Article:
The following shows the text of the first Sura’ of the Qur’an inscribed on the shoulder blade of a camel, preserved in the Princeton University Library.1
We know that the first steps for the preservation of the Qur’an were taken in the lifetime of the Prophet. Tradition records that the Qur’an — in addition to being memorized – was also written down on such shoulder-blades, ribs of animals, flat stones, palm-leaves, pieces of leather and wooden boards.
However, in addition to the use of all this material, there is no reason why papyrus should not have been in normal use in the business & private correspondence in Mecca, and hence for the recording of the Qur’anic revelations. In 6:91, the Qur’an refers to the Torah (with the Arabian Jews) to be recorded on “Qartas”. This word refers to a leaf or sheet of papyrus made in rectangular sheets, pasted together or folded to form a book.
In 6:92, the Qur’an speaks of itself in exactly the same sense (i.e., written on “Qartas”), as it referred to the Torah in the previous verse.
Dr. M. M. Azami2 mentions 48 persons who used to write for the Prophet, among whom Zayd bin Thabit was very prominent.
Encyclopaedia of the Qur’an, Vol. II (Leiden: Brill, 2002) [↩]
The following1 is a detailed examination of a very early Qur’anic papyrus. Please note the conclusion of the investigator at the end of this article, according to which this papyrus belongs to the first century of the Hijra or the seventh century CE. It is indeed a killer blow to the position of the revisionists who fancy that the Qur’an did not exist until the 3rd century AH/9th century CE.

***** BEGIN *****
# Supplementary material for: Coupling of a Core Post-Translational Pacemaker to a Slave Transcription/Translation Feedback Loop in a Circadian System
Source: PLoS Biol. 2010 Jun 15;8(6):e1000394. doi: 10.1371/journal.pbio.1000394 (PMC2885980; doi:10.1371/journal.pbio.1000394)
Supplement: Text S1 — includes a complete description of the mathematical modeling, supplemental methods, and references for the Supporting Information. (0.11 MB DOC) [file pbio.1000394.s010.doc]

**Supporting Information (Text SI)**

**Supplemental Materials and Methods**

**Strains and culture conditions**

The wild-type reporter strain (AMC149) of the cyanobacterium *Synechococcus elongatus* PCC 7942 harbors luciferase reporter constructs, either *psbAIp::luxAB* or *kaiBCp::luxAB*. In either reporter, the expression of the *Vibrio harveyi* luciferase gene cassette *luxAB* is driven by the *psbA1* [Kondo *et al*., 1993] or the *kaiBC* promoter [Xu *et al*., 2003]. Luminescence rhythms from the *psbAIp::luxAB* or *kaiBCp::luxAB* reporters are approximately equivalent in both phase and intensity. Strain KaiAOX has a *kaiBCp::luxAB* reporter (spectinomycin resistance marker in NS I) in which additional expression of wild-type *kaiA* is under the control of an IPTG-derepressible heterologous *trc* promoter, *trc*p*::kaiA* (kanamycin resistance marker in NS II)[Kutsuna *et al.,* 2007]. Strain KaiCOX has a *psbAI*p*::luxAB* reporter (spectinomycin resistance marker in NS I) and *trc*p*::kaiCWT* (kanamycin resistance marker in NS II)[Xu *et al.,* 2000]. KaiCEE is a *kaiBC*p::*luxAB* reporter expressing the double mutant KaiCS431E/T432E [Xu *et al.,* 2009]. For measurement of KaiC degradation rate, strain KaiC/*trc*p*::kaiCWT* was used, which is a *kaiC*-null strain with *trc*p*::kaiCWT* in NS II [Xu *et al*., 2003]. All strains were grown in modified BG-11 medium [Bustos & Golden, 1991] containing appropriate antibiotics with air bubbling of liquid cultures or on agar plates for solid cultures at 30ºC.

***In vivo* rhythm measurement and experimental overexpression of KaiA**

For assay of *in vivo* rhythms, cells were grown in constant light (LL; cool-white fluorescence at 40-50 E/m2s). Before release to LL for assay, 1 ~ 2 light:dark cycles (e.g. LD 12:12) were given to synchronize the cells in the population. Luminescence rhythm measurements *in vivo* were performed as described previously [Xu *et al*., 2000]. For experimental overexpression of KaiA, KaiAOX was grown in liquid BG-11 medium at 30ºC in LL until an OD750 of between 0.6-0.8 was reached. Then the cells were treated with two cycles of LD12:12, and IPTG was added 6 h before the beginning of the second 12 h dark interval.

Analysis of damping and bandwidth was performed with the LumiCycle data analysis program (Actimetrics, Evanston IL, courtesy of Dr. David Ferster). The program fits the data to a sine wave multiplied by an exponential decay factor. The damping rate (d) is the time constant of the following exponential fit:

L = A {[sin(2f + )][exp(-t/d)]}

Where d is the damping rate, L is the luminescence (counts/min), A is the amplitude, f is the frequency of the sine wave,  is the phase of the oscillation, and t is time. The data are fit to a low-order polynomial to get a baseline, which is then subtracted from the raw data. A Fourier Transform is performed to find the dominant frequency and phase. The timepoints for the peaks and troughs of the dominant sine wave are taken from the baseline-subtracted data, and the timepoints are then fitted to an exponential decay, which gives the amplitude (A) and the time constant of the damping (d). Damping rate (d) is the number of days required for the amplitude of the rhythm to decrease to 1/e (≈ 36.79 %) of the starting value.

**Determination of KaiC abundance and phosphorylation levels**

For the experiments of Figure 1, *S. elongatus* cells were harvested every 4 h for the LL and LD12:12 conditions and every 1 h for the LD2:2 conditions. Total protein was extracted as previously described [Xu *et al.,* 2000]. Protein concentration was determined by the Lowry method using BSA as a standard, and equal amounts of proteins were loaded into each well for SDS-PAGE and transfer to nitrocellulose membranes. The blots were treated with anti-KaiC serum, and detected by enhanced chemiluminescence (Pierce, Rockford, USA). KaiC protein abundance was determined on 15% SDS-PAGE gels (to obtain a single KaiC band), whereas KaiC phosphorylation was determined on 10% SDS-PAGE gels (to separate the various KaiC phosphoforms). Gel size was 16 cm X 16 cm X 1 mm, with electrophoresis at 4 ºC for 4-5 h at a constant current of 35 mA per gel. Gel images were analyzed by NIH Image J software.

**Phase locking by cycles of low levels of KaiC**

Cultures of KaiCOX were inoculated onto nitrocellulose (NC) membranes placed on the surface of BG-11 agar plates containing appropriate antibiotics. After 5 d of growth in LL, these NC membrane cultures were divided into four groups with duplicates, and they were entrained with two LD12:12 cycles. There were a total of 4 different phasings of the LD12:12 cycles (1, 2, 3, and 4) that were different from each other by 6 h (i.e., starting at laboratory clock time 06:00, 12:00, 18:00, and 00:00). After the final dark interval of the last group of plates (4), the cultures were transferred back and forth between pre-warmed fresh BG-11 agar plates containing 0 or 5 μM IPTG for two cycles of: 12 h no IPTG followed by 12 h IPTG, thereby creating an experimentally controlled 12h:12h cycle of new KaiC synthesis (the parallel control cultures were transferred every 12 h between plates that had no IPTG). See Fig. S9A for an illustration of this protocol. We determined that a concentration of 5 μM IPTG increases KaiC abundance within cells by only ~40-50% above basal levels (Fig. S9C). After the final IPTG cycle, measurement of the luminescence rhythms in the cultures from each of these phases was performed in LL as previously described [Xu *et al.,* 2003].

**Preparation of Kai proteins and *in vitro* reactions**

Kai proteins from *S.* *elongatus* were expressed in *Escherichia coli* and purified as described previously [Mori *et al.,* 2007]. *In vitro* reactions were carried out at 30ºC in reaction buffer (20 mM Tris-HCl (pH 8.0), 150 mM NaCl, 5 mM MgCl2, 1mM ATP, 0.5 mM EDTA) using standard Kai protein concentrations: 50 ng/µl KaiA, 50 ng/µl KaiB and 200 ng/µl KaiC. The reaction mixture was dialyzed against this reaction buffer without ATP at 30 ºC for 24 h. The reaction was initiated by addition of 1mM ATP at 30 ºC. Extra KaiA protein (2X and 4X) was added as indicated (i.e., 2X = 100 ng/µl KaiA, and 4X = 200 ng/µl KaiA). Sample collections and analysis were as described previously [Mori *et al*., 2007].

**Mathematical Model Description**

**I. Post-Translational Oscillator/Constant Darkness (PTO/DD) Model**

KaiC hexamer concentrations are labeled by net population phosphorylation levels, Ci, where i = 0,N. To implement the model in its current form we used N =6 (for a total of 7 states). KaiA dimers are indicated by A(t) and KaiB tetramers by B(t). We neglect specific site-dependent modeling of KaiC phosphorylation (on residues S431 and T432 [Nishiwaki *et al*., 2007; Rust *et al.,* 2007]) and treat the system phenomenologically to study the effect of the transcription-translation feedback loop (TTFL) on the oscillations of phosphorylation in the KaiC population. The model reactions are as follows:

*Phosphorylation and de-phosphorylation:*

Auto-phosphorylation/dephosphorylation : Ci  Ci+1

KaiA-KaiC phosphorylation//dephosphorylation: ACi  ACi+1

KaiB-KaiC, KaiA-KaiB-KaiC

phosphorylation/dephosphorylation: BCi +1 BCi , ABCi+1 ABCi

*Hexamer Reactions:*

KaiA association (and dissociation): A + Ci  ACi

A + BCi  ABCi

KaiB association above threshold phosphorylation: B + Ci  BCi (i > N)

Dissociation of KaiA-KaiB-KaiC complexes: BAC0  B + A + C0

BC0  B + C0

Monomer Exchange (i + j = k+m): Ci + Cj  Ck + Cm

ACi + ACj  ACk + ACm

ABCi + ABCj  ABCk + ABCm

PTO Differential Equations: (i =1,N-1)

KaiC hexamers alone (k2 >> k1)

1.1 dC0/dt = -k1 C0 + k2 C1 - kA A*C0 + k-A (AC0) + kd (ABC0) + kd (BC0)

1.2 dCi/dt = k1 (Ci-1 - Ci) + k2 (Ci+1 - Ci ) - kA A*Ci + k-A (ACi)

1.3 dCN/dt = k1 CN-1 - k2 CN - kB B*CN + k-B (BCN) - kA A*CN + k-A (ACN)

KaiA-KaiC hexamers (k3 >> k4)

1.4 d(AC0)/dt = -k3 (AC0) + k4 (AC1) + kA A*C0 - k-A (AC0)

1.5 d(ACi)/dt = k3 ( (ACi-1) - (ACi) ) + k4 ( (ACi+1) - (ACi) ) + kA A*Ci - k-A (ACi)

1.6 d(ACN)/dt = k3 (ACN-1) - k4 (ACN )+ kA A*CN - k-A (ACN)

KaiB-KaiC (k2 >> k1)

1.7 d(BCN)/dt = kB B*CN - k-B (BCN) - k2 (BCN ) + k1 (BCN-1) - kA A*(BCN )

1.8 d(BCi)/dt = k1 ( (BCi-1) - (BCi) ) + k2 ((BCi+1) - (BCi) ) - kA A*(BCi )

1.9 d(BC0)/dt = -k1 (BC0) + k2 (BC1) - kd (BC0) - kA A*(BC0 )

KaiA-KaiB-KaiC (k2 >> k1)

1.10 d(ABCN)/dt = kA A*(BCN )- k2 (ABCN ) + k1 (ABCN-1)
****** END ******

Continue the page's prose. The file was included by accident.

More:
On the recto twenty lines, containing S-4:11-38, are written in black ink parallel to the horizontal fibers, the verso bears eighteen lines, running at right-angles to the vertical fibers, containing verses 45?55 of s?4, and verses 1-32 of S-5.
In the line 4, at the end of verse 50, a verse-division mark is visible. S?4 is divided from 55 by two parallel horizontal lines running over the full width of the page, and filled in with an ondulating [undulating, Asif] line with pearls in the compartments.
Place of discovery unknown.
The script has become obliterated in some places and the papyrus is torn upon all sides. The fragments shown here comes from the middle of the page, which as the line originally contained about three times as much as at present, would have been about 17.7 cm wide.
The Qur’an was certainly destined for private use only, and belongs to the small, oblong sizes, particularly used for private owners already in very early times.
Before entering into the question of dating it will be recommendable to give a paleographical analysis of the script of P. Michaelides 32. The Alif (line 8), the most significant letter of the Arabic alphabet, as J. v. Karabacek has said, shows a definite bend to the right side, as it is already the case in PER Inv. Ar. Pap. 94 (ca. 30 A. H., 650 A. D.). It differs therefore from the straight, vertical Alif in PERF no 558, in the bi-lingual protocol BM 1473, in Arabic Paleography Pl. 43 and in the Quran Paris, Arabe 328 as well as from the Alif, curved to the right at the basis, shown by the Quran Med 1a in the Saray in Istanbul.